United States v. Cohen, 101 F. Supp. 906 (N.D. Cal. 1952)
January 21, 1952
United States District Court N. D. California, S. D.
*907 Chauncey Tramutolo, U. S. Atty., and Macklin Fleming, Asst. U. S. Atty., San Francisco, Cal., for plaintiff.
Leo R. Friedman, San Francisco, Cal., for defendant.
ROCHE, Chief Judge.
The defendant stands indicted for contempt of a committee of the United States Senate, in violation of Section 192 of Title 2 of the United States Code.
The indictment, which contains 19 counts, results from certain proceedings had in San Francisco, California, on March 2, 1951, during a hearing conducted by a Subcommittee of the Senate Committee to Investigate Organized Crime in Interstate Commerce. The first 18 counts charge the defendant with having wilfully refused to answer separate and distinct questions put to him by the Senate committee at that time and place. The 19th count charges him with having wilfully refused to produce his books and records for the committee in response to its summons.
At the time of the committee's hearing the defendant, having been advised by counsel, asserted his constitutional right against self-incrimination as the ground upon which he refused to answer the said questions or to produce his books.
In the instant prosecution the defendant has relied on his constitutional right against self-incrimination as his primary defense.
The Fifth Amendment of the United States Constitution provides that: "No person * * * shall be compelled in any criminal case to be a witness against himself * * *."
The immediate issue to be determined by the court is whether or not the defendant rightfully exercised this constitutional privilege at the time of the committee hearing.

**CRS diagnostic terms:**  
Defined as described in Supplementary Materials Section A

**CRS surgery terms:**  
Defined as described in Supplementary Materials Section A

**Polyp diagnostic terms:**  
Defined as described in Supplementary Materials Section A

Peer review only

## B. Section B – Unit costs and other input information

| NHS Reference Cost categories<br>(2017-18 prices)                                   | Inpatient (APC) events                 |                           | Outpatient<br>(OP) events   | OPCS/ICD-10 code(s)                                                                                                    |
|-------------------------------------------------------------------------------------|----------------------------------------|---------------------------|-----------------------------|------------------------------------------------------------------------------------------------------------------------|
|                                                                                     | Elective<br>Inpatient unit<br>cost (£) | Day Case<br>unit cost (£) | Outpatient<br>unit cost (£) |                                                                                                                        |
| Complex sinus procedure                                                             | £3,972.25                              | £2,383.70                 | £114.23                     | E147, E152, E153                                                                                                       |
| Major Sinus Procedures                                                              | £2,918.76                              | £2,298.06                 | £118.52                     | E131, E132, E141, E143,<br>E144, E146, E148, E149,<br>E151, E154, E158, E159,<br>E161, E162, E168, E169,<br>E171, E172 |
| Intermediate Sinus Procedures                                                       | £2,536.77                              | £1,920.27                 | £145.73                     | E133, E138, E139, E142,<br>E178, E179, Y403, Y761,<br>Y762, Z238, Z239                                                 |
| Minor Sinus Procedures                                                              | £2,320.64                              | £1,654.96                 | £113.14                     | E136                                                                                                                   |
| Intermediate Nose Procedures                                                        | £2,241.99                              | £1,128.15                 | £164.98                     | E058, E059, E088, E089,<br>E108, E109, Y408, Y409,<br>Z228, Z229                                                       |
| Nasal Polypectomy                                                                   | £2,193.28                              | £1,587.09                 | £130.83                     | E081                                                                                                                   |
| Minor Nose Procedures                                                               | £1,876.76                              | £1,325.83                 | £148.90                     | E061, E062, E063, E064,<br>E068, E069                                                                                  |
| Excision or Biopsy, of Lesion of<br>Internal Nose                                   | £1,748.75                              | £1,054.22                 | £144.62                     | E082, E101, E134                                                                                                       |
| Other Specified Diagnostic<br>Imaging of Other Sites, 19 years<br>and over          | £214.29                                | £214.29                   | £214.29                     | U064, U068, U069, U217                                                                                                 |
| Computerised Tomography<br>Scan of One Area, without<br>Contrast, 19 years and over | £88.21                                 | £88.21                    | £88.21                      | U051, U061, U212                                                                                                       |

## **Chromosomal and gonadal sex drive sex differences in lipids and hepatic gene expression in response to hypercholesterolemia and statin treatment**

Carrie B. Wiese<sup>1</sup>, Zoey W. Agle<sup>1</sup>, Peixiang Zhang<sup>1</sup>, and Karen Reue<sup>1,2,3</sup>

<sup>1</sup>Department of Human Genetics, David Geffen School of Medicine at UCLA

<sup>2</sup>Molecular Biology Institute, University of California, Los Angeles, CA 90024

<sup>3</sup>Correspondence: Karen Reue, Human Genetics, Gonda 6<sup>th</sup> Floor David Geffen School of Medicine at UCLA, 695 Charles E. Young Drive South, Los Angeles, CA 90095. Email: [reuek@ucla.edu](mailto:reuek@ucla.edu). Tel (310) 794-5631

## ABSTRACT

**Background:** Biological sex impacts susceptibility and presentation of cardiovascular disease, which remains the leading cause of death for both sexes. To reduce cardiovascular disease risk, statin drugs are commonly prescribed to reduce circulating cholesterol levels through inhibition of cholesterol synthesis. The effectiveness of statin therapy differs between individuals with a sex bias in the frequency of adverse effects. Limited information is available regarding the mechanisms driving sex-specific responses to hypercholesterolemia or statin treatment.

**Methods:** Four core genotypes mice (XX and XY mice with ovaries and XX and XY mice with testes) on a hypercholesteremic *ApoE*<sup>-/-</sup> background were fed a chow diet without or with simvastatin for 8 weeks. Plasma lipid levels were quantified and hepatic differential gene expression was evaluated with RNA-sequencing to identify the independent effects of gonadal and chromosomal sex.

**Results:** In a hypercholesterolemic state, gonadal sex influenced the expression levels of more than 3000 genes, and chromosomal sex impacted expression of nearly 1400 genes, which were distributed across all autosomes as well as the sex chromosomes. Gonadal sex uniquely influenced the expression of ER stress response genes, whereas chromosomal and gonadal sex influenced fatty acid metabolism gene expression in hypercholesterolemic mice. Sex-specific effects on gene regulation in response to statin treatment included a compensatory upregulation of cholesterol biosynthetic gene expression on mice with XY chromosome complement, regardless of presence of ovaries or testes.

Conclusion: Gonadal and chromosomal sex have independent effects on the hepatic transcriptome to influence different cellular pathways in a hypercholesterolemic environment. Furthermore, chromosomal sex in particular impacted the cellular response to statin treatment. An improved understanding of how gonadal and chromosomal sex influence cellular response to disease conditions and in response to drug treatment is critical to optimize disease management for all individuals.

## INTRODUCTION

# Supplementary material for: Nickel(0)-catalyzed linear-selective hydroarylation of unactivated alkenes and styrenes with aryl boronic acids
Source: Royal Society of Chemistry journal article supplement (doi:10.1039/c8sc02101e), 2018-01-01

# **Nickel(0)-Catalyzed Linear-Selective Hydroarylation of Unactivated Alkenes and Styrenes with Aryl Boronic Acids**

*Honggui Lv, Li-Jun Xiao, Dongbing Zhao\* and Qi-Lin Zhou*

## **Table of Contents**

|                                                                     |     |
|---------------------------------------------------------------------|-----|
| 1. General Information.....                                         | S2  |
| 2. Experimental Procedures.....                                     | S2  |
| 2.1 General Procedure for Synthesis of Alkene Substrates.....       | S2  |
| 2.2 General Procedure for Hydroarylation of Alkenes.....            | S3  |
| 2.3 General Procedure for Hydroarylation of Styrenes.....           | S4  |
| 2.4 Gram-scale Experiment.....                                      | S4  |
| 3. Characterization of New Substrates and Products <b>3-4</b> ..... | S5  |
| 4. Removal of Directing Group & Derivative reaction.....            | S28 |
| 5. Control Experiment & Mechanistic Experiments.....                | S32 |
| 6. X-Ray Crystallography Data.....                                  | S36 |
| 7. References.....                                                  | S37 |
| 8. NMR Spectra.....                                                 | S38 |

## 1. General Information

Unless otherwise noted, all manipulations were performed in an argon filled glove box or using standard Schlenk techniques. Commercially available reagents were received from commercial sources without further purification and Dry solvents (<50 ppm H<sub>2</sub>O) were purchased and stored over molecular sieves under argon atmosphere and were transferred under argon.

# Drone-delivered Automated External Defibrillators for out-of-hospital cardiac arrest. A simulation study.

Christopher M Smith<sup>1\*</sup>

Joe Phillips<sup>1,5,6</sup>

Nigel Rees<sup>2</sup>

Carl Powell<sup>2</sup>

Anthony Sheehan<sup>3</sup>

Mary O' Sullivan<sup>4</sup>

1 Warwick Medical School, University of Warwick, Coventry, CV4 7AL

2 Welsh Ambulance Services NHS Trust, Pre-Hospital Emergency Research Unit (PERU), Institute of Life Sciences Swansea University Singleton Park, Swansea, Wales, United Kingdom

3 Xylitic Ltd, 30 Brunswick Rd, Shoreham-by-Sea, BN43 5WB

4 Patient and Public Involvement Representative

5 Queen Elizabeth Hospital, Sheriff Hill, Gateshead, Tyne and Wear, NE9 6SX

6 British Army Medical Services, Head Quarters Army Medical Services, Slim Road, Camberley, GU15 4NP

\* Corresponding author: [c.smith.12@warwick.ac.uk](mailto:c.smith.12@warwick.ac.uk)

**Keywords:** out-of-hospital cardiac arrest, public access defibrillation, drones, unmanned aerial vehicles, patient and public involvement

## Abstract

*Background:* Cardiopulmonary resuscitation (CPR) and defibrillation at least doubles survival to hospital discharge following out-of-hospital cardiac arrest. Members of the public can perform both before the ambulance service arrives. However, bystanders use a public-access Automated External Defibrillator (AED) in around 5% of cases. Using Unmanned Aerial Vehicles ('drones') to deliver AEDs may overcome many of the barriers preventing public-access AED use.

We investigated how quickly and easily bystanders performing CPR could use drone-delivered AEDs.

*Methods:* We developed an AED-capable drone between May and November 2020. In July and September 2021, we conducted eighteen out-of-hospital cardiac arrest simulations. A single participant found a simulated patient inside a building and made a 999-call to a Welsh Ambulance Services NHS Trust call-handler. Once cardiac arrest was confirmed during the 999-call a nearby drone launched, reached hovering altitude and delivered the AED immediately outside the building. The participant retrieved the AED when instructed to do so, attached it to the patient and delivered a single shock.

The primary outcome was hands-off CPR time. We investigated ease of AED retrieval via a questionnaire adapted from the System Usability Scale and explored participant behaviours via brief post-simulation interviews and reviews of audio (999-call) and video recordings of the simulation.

The testimony in the record discloses that each of the 18 questions was directed to a single subject of inquiry, namely, the defendant's business or his source of income. The books and records which he refused to produce were likewise concerned with this same subject-matter.
The testimony in the record also discloses that the defendant's refusal to give direct answers to the questions and his refusal to produce his books and papers were continuous acts which took place during the hearing.
In this trial the defendant has submitted oral and documentary evidence which allegedly shows that the answers to the questions and the production of his books would have tended to incriminate him of certain federal crimes. Foremost among such federal crimes for which he alleges a reasonable fear of prosecution are those of income tax evasion and conspiracy to evade the anti-trust laws.
The law is clear that the privilege afforded by the Fifth Amendment extends not only to answers that would in themselves support a conviction under a federal criminal statute but likewise embraces those which would furnish a link in the chain of evidence needed to prosecute the claimant for a federal crime. Hoffman v. United States, 341 U.S. 479, 71 S. Ct. 814, 95 L. Ed. 1118; Blau v. United States, 340 U.S. 159, 71 S. Ct. 223, 95 L. Ed. 170.
Upon a full consideration of the nature of the questions asked and the books summoned and in light of the defendant's showing of the surrounding circumstances, it is impossible for the court to conclude that the defendant could have responded as he was directed with impunity. It is the conclusion of the court that the evidence presented shows that the defendant had a reasonable fear that he might be prosecuted for a federal crime if he answered the questions or produced his books.
*908 Limiting itself solely to the issue presented in this action, the Court finds that the defendant did not waive his constitutional privilege against self-incrimination at the committee hearing and that the defendant rightfully exercised such constitutional privilege. In view of these findings, it is unnecessary for the Court to consider any of the other defenses presented. It is therefore
Ordered that the defendant's motion for judgment of acquittal be and the same hereby is granted.